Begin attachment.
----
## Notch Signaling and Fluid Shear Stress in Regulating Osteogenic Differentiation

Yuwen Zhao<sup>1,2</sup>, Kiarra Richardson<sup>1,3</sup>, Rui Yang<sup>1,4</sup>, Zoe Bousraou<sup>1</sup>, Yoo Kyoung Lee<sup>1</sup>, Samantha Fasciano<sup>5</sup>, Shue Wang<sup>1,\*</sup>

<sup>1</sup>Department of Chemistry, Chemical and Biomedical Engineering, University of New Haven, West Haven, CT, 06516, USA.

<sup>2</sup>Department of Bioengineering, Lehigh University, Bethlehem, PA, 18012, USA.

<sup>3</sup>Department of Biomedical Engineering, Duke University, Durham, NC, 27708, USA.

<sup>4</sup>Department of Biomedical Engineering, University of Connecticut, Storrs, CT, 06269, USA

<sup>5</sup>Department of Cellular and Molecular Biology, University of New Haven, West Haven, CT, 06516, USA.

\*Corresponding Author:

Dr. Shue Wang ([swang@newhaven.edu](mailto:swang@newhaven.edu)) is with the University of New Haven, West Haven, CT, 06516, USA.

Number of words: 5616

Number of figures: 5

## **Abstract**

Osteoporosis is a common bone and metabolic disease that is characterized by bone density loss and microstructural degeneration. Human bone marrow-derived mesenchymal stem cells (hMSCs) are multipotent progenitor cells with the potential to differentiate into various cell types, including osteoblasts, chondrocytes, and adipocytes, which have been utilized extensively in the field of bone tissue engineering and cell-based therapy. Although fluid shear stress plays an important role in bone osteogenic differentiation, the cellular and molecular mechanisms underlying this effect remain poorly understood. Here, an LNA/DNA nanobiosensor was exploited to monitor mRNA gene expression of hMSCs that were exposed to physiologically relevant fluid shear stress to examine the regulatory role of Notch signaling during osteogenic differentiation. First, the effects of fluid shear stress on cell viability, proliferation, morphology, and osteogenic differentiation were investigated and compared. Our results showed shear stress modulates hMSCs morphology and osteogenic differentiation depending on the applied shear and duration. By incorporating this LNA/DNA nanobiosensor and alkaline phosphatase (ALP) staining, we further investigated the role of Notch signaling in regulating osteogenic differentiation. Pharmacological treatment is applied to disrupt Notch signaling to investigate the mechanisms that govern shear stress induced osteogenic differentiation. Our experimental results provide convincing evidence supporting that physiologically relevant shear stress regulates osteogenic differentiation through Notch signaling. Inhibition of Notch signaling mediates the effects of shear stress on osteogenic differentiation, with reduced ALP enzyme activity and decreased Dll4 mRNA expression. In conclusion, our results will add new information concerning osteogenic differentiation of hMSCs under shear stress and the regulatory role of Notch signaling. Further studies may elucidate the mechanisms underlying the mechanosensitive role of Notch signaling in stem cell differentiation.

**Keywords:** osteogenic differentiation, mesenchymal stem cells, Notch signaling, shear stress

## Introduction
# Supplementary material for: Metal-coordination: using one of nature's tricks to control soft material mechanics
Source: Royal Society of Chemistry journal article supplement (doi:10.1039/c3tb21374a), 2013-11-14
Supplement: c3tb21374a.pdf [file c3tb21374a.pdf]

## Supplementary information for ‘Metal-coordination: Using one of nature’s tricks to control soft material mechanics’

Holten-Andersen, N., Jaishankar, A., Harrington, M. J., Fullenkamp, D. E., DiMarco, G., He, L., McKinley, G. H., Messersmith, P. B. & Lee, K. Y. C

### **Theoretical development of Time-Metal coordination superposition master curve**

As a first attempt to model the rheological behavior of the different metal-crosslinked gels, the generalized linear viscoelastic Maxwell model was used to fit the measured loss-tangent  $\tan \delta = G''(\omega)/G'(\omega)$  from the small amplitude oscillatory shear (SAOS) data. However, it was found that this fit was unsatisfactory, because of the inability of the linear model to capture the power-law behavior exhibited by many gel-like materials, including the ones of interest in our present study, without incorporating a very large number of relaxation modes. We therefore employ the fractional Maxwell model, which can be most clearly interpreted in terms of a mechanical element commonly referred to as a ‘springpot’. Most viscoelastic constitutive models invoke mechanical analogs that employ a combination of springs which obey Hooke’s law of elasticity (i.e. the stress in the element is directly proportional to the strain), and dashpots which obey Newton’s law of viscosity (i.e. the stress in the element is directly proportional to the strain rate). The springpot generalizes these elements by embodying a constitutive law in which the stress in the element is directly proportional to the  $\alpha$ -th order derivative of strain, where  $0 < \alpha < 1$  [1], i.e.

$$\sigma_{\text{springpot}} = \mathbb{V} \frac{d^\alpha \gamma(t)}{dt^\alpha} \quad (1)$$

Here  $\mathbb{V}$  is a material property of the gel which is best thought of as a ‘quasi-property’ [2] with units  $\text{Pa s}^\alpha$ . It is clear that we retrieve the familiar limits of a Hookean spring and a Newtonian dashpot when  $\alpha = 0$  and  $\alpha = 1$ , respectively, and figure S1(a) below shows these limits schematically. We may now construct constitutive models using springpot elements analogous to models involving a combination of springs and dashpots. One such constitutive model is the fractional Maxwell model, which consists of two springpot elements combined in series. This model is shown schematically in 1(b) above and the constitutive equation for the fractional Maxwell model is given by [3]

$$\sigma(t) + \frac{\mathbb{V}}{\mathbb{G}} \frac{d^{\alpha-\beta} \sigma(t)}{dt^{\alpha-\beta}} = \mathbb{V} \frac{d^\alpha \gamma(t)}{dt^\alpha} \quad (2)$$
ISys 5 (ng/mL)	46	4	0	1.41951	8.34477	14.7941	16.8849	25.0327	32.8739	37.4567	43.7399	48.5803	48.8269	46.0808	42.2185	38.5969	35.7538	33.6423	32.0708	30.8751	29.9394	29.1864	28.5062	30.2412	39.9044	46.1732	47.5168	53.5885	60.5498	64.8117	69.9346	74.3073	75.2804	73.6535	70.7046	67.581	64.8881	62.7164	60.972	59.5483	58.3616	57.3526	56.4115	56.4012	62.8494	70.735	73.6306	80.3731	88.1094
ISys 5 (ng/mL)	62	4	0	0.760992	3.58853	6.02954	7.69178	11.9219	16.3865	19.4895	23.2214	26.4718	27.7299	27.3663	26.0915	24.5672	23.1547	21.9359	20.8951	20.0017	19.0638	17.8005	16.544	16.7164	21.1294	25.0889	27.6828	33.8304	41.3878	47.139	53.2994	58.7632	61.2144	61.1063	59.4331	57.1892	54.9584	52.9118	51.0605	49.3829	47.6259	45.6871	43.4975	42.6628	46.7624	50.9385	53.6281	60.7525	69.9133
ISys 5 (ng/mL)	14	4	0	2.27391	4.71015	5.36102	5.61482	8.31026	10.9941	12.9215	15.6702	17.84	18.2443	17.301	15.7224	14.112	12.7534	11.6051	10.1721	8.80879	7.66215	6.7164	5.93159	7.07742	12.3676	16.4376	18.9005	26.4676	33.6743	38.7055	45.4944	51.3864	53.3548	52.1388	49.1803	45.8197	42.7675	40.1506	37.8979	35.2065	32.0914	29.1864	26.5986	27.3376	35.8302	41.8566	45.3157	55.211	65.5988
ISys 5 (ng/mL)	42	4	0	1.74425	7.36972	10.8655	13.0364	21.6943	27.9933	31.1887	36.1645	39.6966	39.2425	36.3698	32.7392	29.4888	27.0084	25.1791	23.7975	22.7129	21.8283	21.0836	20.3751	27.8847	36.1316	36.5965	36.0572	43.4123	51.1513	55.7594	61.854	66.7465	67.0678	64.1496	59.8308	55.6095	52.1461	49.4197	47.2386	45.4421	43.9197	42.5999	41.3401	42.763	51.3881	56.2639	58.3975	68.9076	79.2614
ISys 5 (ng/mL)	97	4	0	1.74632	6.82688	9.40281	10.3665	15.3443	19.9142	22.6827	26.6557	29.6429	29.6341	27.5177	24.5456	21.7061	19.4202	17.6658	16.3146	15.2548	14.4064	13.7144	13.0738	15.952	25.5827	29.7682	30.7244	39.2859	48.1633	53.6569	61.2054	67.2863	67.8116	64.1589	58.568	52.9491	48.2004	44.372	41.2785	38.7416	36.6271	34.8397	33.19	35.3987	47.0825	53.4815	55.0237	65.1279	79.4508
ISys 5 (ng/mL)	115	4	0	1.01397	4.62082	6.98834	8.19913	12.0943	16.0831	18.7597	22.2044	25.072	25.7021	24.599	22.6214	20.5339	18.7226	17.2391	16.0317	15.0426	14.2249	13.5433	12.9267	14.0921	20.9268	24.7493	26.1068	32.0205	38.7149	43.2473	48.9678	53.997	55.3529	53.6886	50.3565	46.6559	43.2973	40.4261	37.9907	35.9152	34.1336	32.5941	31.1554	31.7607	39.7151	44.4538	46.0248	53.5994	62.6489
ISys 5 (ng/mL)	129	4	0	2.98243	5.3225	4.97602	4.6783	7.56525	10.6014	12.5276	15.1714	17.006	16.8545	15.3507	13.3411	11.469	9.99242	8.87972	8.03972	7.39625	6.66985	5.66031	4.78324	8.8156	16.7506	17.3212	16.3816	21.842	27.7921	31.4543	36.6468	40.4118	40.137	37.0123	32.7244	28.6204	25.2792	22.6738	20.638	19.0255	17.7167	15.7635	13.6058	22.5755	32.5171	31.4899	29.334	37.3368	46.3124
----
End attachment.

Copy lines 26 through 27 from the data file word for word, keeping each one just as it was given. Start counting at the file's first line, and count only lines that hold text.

ISys 5 (ng/mL)	46	4	0	1.41951	8.34477	14.7941	16.8849	25.0327	32.8739	37.4567	43.7399	48.5803	48.8269	46.0808	42.2185	38.5969	35.7538	33.6423	32.0708	30.8751	29.9394	29.1864	28.5062	30.2412	39.9044	46.1732	47.5168	53.5885	60.5498	64.8117	69.9346	74.3073	75.2804	73.6535	70.7046	67.581	64.8881	62.7164	60.972	59.5483	58.3616	57.3526	56.4115	56.4012	62.8494	70.735	73.6306	80.3731	88.1094
ISys 5 (ng/mL)	62	4	0	0.760992	3.58853	6.02954	7.69178	11.9219	16.3865	19.4895	23.2214	26.4718	27.7299	27.3663	26.0915	24.5672	23.1547	21.9359	20.8951	20.0017	19.0638	17.8005	16.544	16.7164	21.1294	25.0889	27.6828	33.8304	41.3878	47.139	53.2994	58.7632	61.2144	61.1063	59.4331	57.1892	54.9584	52.9118	51.0605	49.3829	47.6259	45.6871	43.4975	42.6628	46.7624	50.9385	53.6281	60.7525	69.9133